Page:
Rotary Engine

The rotary engine (originally conceived and developed by Dr. Felix Wankel) is sometimes called a Wankel engine, or Wankel rotary engine. In this design, instead of pistons bouncing up and down a rotor follows a path that looks like something you’d create with a Spirograph. This path keeps each of the three peaks of the rotor (corners of the triangle looking thing) in contact with the housing (the case surrounding the rotor), creating three separate pockets. As the rotor moves around the chamber, each of the three pockets changes shape, and therefore size, alternatively getting bigger or smaller. It’s this change in size that draws air and fuel into the engine, squeezes it, makes useful power as the gases expand (by exploding them!) and then pushes out the exhaust.

Like any combustion engine, a rotary needs air, fuel, and compression (to squeeze the air & fuel, heating it up) Gasoline engines need a spark to ignite the air and fuel, but diesel engines just squeeze the fuel harder until it ignites.

Intake (“Suck”)

As the intake port is exposed by the motion of the rotor, the volume of space between the rotor and the housing expands. This draws in the air/fuel mix without the use of valves (neat, huh?). In a carbureted system the air is drawn first through the carburetor, mixing with atomized gasoline, then into the engine. In a fuel injection system the injectors squirt a stream of atomized fuel into the intake manifold where it mixes with the air rushing past on its way into the engine.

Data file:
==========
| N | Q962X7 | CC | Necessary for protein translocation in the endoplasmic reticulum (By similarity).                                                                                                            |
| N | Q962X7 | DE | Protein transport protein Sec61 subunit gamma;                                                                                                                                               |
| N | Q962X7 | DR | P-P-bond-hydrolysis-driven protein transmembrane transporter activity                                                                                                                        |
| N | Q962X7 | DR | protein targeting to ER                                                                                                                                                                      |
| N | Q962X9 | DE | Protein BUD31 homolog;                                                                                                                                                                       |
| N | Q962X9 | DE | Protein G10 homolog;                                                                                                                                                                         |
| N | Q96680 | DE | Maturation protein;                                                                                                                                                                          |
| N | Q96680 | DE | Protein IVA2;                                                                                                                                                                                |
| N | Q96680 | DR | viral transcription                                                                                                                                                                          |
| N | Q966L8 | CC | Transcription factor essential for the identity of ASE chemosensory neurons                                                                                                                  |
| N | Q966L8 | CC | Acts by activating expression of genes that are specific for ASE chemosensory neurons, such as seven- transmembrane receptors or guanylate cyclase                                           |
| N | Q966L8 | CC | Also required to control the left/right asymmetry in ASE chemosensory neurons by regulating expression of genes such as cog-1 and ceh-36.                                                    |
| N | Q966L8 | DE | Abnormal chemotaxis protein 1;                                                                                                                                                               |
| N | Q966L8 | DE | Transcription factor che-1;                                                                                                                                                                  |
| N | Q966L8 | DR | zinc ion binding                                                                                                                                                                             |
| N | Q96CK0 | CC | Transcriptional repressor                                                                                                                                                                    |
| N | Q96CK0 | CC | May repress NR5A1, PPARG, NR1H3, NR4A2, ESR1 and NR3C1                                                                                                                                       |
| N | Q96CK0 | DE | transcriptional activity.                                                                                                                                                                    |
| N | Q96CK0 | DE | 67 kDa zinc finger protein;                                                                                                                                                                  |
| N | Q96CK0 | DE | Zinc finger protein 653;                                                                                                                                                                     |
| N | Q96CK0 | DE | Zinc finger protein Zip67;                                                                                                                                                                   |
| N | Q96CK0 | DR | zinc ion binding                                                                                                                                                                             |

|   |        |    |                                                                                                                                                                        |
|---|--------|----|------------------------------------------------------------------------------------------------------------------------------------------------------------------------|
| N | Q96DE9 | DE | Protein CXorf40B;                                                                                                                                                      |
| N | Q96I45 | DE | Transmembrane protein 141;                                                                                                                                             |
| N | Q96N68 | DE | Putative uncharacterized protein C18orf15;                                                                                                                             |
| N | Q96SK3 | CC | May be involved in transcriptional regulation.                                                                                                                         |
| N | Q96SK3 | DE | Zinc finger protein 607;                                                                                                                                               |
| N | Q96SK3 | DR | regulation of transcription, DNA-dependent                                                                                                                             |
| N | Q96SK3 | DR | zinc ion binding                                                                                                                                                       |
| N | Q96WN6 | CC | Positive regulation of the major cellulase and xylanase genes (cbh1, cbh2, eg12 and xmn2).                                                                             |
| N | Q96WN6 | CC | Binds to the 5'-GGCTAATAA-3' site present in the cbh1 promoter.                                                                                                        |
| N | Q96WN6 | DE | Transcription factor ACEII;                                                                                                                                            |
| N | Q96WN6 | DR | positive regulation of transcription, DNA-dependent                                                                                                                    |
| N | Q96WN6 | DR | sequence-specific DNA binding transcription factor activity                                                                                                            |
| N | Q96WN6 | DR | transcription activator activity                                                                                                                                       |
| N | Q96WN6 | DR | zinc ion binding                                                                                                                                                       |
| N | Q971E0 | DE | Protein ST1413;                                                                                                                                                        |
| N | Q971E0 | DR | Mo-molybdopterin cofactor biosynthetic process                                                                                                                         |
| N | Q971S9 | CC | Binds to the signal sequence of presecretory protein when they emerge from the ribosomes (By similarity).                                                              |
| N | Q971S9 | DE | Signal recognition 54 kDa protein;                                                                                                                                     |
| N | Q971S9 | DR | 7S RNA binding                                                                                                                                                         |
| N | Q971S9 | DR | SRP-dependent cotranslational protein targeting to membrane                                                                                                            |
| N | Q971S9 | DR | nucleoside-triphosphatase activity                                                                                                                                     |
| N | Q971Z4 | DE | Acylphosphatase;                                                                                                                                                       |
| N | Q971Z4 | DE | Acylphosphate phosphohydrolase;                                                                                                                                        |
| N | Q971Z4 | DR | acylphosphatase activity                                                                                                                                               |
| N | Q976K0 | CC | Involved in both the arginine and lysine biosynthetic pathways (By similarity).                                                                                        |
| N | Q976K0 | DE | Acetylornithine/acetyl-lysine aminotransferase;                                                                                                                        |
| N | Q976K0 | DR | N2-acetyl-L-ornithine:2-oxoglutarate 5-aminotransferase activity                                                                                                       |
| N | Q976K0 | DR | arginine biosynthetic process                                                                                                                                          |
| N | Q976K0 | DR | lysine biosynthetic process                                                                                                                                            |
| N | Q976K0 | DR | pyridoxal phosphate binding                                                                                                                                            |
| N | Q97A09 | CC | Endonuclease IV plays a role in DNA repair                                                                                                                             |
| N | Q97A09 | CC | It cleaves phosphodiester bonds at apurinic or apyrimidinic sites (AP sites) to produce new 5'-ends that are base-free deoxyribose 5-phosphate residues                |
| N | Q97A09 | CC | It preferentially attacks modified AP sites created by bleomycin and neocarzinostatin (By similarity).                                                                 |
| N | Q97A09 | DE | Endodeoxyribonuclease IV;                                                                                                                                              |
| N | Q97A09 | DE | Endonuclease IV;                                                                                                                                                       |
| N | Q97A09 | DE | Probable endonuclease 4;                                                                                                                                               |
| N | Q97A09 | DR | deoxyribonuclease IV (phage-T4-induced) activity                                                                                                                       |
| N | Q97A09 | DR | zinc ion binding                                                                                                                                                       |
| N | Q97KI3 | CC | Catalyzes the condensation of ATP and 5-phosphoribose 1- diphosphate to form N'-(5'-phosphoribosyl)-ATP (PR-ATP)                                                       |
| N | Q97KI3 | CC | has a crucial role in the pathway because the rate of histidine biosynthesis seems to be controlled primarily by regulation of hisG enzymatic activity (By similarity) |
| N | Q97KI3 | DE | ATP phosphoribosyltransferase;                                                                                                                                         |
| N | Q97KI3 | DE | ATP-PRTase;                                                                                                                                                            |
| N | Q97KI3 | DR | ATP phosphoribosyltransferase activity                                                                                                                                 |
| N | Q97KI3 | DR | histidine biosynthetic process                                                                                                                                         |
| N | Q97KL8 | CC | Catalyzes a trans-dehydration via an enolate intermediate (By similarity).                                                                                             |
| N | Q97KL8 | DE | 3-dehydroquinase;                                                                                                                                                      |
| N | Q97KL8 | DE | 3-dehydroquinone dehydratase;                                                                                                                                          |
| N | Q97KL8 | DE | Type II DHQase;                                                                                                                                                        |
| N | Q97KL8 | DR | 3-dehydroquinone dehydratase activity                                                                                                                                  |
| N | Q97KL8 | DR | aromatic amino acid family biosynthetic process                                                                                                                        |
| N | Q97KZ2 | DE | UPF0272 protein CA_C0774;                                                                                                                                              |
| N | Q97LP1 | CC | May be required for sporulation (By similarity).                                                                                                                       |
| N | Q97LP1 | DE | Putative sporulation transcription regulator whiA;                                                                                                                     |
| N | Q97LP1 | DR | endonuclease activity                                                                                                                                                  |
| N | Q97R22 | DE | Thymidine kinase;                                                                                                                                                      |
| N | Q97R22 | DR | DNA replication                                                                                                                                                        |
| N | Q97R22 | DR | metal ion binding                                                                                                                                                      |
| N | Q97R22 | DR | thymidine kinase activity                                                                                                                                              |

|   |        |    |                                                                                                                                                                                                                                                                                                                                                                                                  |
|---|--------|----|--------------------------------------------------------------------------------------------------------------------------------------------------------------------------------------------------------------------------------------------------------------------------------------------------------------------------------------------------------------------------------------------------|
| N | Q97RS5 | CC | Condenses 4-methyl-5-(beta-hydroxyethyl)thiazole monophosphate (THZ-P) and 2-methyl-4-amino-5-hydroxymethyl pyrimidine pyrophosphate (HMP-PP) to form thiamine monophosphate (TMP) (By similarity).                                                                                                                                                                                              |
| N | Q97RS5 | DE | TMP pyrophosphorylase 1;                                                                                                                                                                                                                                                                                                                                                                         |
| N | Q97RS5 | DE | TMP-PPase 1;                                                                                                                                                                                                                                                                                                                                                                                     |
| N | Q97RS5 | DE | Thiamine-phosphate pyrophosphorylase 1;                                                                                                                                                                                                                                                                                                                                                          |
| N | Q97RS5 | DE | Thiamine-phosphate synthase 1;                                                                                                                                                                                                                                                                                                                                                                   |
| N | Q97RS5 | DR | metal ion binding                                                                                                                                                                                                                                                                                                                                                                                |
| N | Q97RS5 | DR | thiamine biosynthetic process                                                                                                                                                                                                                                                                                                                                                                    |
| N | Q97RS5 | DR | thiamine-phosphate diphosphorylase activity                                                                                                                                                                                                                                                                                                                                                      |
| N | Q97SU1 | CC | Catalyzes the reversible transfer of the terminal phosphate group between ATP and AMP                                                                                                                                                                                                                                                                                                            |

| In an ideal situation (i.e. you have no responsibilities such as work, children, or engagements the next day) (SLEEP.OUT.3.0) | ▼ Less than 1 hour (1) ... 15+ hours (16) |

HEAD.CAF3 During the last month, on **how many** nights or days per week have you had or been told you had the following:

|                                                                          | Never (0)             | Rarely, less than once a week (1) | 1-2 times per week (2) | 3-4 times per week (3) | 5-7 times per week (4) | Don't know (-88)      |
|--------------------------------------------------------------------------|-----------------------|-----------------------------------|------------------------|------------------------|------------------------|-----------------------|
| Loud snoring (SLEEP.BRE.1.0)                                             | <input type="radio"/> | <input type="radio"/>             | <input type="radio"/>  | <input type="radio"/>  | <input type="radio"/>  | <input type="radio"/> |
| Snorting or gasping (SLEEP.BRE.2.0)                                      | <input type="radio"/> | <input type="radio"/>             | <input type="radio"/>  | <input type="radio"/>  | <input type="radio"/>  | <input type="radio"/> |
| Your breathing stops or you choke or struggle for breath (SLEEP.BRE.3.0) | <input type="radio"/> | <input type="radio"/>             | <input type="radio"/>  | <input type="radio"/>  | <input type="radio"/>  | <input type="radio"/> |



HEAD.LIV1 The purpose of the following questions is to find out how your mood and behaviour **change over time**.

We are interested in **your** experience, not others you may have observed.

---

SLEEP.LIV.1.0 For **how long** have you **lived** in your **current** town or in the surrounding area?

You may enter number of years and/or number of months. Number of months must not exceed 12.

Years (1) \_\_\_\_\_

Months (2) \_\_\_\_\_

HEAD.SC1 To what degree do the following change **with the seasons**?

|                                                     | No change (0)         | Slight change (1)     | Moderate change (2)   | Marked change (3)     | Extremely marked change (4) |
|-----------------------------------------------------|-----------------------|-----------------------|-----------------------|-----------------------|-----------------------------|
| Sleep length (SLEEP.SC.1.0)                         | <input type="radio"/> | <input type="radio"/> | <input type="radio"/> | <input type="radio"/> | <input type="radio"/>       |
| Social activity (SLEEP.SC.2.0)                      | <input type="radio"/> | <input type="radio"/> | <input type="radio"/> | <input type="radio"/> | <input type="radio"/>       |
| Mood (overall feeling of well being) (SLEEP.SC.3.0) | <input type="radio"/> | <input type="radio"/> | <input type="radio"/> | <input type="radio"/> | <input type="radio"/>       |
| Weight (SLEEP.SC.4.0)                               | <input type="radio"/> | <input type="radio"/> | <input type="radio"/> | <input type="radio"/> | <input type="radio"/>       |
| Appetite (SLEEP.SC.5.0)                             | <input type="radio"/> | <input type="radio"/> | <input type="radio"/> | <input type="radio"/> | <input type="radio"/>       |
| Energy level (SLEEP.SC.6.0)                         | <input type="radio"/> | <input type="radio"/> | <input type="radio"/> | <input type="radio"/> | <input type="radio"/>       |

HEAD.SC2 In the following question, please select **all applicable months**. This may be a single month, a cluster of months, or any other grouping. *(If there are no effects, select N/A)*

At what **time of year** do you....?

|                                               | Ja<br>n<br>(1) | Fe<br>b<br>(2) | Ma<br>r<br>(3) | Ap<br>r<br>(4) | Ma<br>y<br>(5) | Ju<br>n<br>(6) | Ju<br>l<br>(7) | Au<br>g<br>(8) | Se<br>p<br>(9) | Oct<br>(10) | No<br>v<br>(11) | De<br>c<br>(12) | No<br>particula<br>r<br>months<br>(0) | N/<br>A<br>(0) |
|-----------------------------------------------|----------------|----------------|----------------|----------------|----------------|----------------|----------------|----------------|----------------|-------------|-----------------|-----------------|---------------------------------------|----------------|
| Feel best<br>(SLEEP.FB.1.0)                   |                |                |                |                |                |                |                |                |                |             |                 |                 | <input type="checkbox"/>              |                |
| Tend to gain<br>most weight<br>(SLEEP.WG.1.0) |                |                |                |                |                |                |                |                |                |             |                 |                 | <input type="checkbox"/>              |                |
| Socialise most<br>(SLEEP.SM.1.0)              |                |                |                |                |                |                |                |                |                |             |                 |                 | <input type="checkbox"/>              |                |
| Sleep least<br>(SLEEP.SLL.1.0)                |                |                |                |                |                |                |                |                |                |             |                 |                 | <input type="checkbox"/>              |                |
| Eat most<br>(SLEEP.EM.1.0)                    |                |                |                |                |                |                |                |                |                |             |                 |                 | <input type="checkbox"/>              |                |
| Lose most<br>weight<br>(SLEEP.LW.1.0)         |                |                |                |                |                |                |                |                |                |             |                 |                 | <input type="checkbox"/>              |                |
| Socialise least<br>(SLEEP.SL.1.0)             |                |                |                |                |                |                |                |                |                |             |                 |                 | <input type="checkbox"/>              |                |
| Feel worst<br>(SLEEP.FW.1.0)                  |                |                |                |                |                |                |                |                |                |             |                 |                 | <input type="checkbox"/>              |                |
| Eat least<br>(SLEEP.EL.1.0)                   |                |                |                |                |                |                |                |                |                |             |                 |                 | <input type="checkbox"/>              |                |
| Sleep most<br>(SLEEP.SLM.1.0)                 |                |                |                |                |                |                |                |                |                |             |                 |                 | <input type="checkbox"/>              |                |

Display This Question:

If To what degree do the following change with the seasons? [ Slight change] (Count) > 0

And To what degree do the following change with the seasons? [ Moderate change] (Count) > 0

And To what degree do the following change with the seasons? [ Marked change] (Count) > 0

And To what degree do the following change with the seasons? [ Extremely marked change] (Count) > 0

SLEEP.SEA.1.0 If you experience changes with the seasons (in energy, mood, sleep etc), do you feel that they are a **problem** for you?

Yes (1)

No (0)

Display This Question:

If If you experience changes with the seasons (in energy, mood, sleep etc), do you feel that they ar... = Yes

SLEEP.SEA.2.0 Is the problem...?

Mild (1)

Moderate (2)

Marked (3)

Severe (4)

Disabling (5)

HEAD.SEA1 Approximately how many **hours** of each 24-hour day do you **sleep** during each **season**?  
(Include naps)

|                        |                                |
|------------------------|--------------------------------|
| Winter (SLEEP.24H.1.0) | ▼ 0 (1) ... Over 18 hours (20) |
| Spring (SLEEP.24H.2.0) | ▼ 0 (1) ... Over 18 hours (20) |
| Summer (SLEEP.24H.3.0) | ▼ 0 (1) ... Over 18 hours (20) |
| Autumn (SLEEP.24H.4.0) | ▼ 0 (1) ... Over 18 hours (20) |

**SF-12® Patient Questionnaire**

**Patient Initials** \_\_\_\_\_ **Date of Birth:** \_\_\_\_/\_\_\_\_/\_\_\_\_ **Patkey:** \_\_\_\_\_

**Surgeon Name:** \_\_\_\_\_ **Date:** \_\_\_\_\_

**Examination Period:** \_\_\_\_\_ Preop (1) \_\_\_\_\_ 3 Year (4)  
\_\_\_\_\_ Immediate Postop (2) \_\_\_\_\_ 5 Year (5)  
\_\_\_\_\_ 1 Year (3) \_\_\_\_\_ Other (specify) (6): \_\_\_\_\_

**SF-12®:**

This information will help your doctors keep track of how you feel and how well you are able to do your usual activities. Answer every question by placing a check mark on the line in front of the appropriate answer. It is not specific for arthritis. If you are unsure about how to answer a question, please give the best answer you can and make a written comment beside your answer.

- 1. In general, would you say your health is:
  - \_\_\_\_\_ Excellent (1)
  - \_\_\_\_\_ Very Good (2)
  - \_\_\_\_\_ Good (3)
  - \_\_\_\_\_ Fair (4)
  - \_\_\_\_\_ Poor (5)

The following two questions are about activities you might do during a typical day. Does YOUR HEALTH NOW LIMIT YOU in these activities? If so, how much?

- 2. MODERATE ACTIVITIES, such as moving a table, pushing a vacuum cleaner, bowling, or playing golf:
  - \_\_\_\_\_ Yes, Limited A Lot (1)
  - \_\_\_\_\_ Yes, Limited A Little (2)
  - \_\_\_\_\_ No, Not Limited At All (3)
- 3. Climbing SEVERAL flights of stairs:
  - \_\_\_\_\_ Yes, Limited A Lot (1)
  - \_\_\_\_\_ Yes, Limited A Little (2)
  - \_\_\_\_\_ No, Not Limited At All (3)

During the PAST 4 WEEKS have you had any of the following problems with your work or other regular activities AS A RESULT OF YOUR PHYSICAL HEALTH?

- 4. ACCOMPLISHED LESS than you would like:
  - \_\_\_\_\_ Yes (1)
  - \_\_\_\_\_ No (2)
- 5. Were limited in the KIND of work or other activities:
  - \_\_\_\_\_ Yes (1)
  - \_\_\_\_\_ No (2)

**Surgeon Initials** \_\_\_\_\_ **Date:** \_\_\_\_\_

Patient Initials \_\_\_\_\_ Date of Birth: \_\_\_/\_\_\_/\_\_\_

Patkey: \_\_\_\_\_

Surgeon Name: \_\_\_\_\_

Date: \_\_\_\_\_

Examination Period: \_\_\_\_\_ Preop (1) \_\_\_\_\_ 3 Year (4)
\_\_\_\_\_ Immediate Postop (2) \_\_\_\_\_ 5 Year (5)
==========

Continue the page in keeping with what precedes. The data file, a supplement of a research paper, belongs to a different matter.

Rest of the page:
Compression (“Squeeze”)

The motion of the rotor seals in the air/fuel mix between one rotor face and the rotor housing in a rapidly shrinking pocket. This squeezes the mix, increasing pressure and temperature.

Combustion (“Bang”)

With the air/fuel mix compressed into a small, hot space the spark plug fires and ignites an explosion. The force of the resulting boom pushes against the rotor face, creating the spinning motion that actually turns the engine and makes your car go!

Exhaust (“Blow”)

The rotor continues on its path and the space filled with the smoke from the explosion reaches an exhaust port. The space gets smaller again, pushing the exhaust gasses out before continuing on its way to once more pass the intake port and start the cycle all over again.

More Bang For Your Buck

One of the many interesting things about a rotary engine is the 3-sided design of the rotor means there are 3 explosions to turn the rotor just once. A piston engine, in contrast, has only one explosion for every two times the piston goes up and down. This three-bang -per-turn results in the rotary design generating a lot of power for an otherwise very small engine.

The rotor itself has three convex faces, each of which acts like a piston. Each face of the rotor has a pocket in it, which increases the displacement of the engine (the amount of air and fuel the engine can burn in one explosion, creating more power).

At each apex (the three corners of the triangle) is a metal blade that forms a seal to the outside of the combustion chamber. There are also metal rings on each side of the rotor that seal to the sides of the combustion chamber.

The rotor has a set of internal gear teeth cut into the center of one side. These teeth mate with a gear that is fixed to the housing. This gear mating determines the path and direction the rotor takes through the housing.